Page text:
The Banchan Plan

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Whether you are coming to this site for the health, for the taste, or just for the experience, you will get the best experience by just diving in. Don’t just do it for a meal, to it for a week, or a month.

Why? Two main reasons, one emotional and one practical.

Emotionally and physically you’ll feel great. We’ve invited many people over to our house to eat our Korean food with us–good food is always made better by eating it slowly with good people–everyone comments on the food in one way or the other. Almost all of them mention, above all else, that they had a very tasty meal, were full and satisfied, but did not feel heavy. You won’t feel that stuffed feeling you get from over eating foods with a lot of cheese, oils, and fat. You will feel great about eating all week or month, whichever your choose.

Practically, there are a lot of dishes that are part of one Korean meal. If you were to sit down and make all the dishes for one meal, it would take all day. But they are not designed like that. They are designed to last a long time in the refrigerator. Let’s take a look.

This is an example of a fairly large Korean meal, perhaps for four people. There are many more lavish examples to be found in more expensive establishments or higher class homes, but this is still a bit extensive.

This is a much more realistic meal. For example, if you were to invite people over to your house for dinner, or if you went to a medium class restaurant.

To be honest, my meals at home look a little more like this. Sometimes a little more, sometimes a little less. There’s no need to get overwhelmed. Let me break down the parts of the meal that you see above. Let’s define terms.

Banchan (Side-dishes) – 반찬 – The little bowls. These are there to compliment the flavor and to be eaten with rice or the main dish. However you please. Because they are mainly eaten with plain white rice, they are a bit salty or otherwise strong flavored and therefore not usually eaten alone. Think of eating them much like you would a very garlicy piece of garlic bread with pasta. Alone, the garlic bread may be strong, but with the pasta and the tomato sauce, it’s amazing and perfect. That’s the concept. The most common banchan is, you guessed it, Kim-Chi. Every meal in Korea has it. But, if you don’t like it, there is no obligation to have it on your table, there are plenty more to choose from.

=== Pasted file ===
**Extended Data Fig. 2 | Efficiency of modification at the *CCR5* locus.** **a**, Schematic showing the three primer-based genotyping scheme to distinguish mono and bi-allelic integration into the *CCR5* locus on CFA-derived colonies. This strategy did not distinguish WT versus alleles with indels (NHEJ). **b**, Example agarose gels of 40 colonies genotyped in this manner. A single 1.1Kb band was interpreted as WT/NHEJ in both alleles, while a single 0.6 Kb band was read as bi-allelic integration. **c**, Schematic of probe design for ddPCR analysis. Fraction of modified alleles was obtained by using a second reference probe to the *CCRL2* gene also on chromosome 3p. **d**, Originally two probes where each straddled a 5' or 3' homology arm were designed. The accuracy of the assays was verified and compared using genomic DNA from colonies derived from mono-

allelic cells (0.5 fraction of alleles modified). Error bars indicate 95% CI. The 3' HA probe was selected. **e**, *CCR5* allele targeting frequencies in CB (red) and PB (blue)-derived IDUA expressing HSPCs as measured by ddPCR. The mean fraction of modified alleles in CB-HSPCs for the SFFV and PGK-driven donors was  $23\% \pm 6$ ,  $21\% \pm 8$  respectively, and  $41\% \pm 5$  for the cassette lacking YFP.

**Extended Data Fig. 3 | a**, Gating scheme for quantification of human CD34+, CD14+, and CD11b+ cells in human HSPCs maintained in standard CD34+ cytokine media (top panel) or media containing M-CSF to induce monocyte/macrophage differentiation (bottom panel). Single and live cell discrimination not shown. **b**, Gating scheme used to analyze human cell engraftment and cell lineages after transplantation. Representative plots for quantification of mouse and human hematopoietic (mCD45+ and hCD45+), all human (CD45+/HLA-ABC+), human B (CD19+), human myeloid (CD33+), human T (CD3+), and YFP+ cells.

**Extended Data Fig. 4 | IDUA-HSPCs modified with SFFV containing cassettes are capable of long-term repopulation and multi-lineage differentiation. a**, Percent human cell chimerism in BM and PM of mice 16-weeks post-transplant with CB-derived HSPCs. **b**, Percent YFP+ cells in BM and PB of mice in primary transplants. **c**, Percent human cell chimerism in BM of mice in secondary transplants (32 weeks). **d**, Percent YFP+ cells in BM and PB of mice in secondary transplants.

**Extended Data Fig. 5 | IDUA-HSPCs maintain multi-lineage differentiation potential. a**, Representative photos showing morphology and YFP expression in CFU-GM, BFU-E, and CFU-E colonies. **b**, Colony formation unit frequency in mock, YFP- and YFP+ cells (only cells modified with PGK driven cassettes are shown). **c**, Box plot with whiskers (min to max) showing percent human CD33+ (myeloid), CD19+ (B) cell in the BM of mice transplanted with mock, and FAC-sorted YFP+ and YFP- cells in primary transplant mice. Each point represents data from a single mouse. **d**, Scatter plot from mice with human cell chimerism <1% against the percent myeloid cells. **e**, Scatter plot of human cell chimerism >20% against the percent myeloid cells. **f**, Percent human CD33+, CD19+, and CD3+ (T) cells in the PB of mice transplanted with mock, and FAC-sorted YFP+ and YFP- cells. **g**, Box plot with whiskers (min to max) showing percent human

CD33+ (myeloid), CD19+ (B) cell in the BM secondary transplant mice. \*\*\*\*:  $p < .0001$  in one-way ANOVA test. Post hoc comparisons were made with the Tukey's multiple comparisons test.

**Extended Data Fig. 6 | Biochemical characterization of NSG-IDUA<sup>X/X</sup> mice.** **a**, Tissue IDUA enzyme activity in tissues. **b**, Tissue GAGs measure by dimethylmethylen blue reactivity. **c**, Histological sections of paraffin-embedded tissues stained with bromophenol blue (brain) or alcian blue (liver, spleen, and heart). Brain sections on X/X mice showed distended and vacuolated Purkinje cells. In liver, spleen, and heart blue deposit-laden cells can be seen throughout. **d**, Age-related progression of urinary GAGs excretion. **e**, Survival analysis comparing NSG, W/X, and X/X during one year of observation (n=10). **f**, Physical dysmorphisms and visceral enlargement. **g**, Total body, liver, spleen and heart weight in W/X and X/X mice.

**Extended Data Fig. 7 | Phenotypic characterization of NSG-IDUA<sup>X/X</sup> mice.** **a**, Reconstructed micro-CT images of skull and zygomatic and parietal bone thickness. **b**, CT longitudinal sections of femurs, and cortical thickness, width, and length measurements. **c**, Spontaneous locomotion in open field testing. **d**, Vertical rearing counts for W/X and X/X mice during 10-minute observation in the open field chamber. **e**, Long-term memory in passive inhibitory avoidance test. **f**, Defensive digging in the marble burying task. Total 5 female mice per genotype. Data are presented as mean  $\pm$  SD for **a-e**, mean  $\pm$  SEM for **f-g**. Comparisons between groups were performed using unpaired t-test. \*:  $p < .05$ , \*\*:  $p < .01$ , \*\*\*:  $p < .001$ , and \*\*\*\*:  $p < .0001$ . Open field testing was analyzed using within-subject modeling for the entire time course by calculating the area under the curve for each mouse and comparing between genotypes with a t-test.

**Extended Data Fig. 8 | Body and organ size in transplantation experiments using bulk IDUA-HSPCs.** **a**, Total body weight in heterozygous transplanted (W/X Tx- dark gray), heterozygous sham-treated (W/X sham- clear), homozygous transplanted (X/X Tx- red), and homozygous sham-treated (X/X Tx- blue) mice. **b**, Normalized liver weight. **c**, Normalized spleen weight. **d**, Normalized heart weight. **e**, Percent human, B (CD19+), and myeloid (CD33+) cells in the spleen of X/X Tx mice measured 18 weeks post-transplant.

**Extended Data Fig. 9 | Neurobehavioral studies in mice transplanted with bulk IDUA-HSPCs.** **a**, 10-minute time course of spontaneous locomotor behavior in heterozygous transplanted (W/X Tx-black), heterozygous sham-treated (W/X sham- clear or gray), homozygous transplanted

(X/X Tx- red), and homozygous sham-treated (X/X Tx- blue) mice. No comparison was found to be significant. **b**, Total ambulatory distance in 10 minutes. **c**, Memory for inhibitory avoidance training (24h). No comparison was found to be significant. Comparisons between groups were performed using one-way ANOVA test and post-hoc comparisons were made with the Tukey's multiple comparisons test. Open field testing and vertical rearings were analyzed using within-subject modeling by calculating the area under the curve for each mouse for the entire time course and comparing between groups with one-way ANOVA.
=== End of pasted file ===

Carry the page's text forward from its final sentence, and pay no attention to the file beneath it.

Guk (Soup) / Tang (More fancy main dish soup) / Jjigae (Stew) – 국 / 탕 / 찌개 – The bigger bowls. In the second picture above is the closest big bowl, in the last picture it’s the black stone bowl. Guk‘s are thinner, Tang‘s have a little more substance or complexity to them, and Jjigae’s are a really hearty stew.

Myeon / Guksu (Noodle dishes) – 면 / 국수 – These words don’t describe different categories of noodles, just the word origin. Myeon is from Chinese and Guksu is an original Korean word. These dishes can range from simple ramyeon (look familiar? It’s very similar to the common-in-American-college-dormitory Japanese ramen), to complex noodle dishes served with or without soup, and cold or hot. There are a a lot.

Bap (Rice) – 밥- There are so many different kinds. Start with sushi rice that can be found in any grocery store. That the basic. Want to try something new? Try the purple rice seen in the second picture above.

I must stop here, give you a pat on the back and say in a reassuring voice: Please don’t get overwhelmed!”

Let’s describe a common Korean meal. Each Korean meal consists of, and I purposely say this in the most vague terms possible, a bowl of rice, a few banchan, a soup of some sort, and maybe a main dish.